What’s in a Last Name?
|The first mention of the name Ringertz is from a journal clip dated, Sept. 12, 1835, noting that the student, E. Ringertz, was a registered traveler! The note appeared in many different newspapers after this.|
Sweden at that time was strongly inﬂuenced by German traditions, especially under military circumstances. Therefore, to create his last name, the German “-ertz” was added to the ﬁrst part of the village name, resulting in: Ringertz.
Nils and Anna Stina gave their son the surname, Ringertz, as well. After he married, they had a boy (my grandfather), who — with his sister — survived to adulthood. The children were both born with the surname Ringertz, but the Nilsson family apparently detested the new given name and declared that if he kept the new name, he would not get any part of his inheritance from his father’s second wife (his stepmother). Thus, he and his wife went back to the old name, Nilsson, but the children did not.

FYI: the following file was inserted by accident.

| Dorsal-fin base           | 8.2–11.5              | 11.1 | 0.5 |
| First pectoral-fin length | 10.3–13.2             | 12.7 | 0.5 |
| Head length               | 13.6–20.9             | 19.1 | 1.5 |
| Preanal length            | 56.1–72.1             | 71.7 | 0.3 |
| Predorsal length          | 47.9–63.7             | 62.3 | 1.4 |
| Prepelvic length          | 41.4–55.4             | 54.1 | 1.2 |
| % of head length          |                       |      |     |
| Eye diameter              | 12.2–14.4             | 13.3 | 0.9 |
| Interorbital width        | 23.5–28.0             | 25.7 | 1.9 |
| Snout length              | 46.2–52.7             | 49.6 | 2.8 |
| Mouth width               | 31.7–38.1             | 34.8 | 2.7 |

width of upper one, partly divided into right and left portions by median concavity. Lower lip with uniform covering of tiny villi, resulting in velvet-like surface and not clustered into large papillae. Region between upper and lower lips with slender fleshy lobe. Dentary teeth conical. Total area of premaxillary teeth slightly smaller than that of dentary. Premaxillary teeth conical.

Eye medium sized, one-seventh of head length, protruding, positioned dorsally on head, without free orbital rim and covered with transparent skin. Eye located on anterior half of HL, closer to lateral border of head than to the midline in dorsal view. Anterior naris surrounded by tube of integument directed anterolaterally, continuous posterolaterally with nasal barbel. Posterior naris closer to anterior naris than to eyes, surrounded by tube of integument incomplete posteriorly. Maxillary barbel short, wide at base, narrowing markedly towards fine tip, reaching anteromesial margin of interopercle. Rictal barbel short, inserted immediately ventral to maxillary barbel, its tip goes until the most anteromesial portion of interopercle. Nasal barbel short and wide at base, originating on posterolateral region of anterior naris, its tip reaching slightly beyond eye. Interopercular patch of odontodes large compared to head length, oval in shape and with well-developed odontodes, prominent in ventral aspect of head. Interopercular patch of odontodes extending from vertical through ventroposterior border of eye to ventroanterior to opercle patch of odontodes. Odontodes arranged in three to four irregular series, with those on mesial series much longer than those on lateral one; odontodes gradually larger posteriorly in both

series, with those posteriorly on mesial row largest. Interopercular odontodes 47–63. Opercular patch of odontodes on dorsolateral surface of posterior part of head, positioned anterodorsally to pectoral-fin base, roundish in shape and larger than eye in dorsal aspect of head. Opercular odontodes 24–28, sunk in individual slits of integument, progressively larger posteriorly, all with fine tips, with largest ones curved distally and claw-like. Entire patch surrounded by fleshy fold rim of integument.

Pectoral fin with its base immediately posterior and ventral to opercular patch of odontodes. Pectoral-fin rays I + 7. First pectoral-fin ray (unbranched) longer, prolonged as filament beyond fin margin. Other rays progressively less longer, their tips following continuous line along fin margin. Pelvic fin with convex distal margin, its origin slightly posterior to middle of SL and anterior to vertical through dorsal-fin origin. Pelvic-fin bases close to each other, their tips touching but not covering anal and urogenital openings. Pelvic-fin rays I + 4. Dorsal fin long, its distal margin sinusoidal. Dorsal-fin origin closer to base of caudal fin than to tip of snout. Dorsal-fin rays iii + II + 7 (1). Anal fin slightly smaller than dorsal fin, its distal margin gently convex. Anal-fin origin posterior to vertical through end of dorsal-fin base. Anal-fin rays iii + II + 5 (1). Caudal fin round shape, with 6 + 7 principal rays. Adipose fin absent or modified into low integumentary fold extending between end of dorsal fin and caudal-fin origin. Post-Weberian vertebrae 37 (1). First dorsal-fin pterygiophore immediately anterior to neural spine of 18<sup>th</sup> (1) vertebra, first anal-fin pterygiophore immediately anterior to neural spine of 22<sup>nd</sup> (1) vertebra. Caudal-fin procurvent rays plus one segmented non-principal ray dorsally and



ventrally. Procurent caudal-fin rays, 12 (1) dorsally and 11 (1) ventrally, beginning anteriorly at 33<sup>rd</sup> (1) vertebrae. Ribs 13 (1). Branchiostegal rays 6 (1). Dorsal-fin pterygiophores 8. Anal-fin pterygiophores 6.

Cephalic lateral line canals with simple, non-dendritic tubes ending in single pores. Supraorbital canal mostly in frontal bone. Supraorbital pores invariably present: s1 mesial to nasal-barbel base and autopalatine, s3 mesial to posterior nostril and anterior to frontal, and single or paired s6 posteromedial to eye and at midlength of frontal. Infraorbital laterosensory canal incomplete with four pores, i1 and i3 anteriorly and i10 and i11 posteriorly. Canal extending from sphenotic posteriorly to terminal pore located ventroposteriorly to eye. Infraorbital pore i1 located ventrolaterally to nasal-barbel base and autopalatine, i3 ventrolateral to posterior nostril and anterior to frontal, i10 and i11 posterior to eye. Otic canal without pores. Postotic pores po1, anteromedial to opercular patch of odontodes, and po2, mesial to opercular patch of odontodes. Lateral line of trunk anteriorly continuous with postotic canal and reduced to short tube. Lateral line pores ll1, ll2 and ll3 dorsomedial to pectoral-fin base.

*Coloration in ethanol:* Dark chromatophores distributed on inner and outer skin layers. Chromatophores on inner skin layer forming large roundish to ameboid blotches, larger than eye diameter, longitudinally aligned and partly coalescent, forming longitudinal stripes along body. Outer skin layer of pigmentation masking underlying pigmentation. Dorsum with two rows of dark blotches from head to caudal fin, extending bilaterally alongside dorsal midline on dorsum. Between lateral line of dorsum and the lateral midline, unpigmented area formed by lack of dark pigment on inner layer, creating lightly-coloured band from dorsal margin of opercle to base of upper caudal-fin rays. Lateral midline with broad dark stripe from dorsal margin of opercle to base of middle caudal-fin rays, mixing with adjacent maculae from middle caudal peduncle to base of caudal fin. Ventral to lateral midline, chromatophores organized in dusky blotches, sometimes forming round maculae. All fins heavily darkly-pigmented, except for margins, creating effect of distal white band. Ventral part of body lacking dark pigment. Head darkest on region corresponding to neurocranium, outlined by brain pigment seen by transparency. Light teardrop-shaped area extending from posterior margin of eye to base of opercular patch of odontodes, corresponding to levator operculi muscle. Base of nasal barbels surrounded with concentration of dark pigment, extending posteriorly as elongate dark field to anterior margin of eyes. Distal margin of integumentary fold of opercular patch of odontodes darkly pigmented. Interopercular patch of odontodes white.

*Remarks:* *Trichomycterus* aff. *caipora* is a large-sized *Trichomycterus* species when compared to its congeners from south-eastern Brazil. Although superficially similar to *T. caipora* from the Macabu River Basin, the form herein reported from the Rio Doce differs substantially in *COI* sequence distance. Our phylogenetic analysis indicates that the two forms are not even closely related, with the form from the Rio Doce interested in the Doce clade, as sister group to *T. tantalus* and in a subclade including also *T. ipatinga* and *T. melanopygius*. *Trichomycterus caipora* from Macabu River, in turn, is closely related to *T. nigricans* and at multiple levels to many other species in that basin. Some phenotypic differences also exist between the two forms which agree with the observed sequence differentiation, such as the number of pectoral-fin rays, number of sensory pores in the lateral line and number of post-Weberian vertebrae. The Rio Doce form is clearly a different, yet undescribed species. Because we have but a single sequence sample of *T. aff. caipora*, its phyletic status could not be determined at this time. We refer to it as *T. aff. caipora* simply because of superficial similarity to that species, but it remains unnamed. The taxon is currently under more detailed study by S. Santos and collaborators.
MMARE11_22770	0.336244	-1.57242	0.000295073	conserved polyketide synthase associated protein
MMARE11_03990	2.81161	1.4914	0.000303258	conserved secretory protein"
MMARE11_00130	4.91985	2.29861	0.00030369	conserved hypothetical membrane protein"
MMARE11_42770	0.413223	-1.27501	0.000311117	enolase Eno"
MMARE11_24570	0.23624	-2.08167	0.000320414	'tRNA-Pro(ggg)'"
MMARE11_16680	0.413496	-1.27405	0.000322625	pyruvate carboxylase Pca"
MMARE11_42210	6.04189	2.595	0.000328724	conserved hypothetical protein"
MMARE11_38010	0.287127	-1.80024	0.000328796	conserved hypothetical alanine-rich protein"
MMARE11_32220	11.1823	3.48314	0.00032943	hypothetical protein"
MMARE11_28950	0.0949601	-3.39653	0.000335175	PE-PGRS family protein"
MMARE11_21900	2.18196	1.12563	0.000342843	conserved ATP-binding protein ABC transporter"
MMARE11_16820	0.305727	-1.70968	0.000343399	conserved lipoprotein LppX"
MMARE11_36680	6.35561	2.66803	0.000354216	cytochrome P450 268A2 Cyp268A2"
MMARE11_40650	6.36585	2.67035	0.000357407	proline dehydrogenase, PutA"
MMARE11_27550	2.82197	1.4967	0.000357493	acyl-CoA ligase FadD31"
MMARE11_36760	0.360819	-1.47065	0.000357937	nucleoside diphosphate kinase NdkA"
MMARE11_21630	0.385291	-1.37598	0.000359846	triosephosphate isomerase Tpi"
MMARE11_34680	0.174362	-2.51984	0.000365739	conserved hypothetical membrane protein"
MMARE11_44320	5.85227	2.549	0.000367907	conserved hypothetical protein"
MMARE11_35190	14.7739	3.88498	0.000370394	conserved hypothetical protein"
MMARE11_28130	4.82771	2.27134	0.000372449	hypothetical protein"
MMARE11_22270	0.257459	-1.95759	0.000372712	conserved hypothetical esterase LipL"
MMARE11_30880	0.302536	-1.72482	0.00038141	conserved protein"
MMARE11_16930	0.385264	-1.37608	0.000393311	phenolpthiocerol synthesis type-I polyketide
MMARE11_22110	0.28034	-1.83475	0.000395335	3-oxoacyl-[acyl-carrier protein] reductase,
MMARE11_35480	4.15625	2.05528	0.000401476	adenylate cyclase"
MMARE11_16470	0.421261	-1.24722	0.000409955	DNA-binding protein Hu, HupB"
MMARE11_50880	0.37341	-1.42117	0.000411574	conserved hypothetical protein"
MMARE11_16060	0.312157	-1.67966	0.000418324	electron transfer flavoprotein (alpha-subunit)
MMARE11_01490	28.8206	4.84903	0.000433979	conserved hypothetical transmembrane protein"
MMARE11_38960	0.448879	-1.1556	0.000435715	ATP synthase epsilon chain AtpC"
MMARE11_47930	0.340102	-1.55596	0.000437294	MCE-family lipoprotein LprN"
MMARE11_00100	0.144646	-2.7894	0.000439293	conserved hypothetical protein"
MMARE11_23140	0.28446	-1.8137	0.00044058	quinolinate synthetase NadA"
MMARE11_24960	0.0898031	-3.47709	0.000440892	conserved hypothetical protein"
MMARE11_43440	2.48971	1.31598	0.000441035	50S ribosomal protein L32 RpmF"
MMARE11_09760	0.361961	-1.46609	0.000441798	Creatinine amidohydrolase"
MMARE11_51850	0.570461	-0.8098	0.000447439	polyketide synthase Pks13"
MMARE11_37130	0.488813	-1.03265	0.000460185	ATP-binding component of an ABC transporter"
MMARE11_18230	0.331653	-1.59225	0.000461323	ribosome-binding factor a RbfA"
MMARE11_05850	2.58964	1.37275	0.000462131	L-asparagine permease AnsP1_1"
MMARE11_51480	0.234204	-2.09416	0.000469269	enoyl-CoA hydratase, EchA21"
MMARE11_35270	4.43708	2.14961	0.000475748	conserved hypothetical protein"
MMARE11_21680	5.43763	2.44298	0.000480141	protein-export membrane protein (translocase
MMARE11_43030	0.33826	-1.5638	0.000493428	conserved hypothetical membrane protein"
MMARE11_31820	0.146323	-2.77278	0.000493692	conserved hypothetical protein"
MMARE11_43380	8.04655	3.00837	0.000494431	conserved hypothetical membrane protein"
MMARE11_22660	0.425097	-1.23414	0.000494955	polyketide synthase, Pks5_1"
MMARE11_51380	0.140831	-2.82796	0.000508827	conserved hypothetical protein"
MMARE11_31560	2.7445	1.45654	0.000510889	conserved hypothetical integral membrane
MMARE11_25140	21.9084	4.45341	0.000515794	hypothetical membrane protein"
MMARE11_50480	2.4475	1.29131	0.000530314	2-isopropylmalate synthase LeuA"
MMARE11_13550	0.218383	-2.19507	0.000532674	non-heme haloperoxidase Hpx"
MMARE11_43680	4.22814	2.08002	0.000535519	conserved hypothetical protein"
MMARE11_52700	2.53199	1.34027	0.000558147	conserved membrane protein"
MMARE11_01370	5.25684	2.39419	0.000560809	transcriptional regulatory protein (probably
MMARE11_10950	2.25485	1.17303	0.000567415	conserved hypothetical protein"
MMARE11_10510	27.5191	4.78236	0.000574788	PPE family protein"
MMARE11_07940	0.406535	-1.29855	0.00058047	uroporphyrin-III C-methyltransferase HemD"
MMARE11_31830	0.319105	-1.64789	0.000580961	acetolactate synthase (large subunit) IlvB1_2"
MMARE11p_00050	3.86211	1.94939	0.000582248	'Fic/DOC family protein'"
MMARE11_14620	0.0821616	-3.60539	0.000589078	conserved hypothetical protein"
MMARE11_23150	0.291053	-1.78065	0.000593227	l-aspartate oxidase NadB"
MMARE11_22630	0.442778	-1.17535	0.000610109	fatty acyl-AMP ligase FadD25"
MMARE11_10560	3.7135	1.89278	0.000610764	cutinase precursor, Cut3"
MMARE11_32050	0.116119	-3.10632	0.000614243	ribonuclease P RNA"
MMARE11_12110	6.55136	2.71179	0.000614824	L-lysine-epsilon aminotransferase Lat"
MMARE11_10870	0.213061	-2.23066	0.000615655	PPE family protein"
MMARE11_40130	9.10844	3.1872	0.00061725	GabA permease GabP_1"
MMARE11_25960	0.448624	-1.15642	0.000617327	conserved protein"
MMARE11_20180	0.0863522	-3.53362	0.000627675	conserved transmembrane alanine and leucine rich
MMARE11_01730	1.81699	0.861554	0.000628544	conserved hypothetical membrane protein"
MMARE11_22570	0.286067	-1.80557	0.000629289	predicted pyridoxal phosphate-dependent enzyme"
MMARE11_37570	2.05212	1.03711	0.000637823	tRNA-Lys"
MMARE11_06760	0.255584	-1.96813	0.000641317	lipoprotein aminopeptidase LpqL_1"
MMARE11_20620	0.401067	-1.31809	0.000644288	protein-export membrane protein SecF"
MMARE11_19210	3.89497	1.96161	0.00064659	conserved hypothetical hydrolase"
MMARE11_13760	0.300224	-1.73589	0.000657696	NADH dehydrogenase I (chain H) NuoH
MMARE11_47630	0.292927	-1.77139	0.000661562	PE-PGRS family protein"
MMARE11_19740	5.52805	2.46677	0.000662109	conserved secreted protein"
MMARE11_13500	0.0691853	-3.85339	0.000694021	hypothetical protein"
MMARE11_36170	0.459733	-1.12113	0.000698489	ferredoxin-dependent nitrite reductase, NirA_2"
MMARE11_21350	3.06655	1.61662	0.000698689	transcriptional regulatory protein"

The daughter got married and for a while, there was only one Ringertz in the world, my grandfather — Nils Conrad. He was assessed as capable of higher education and took a “class trip” from farmers son to the third, non-aristocratic oﬃcer in Sweden. In the beginning of his military service, he served for ﬁve weeks per year. According to expectations, the oﬃcer should spend the rest of the time at his estate.
Lacking an estate, he tried two alternatives: He entered the Stockholm Institute of Technology and became a civil engineer specializing in surveying, and in 1890, he married Gabrielle Monique Johns, the daughter of a German banker in Stockholm. The ﬁrst alternative (becoming a surveying engineer) was more successful than the second alternative, because the German father-in-law banker declared bankruptcy. Thus, the father and mother-in-law came to live with Nils in his young, and relatively poor, military household in the Swedish city where Nils worked as an oﬃcer.
During his military training, Nils seemed to have found the work very ineﬃcient and would illustrate his life situation in ironic drawings. This one is called “chased by creditors.”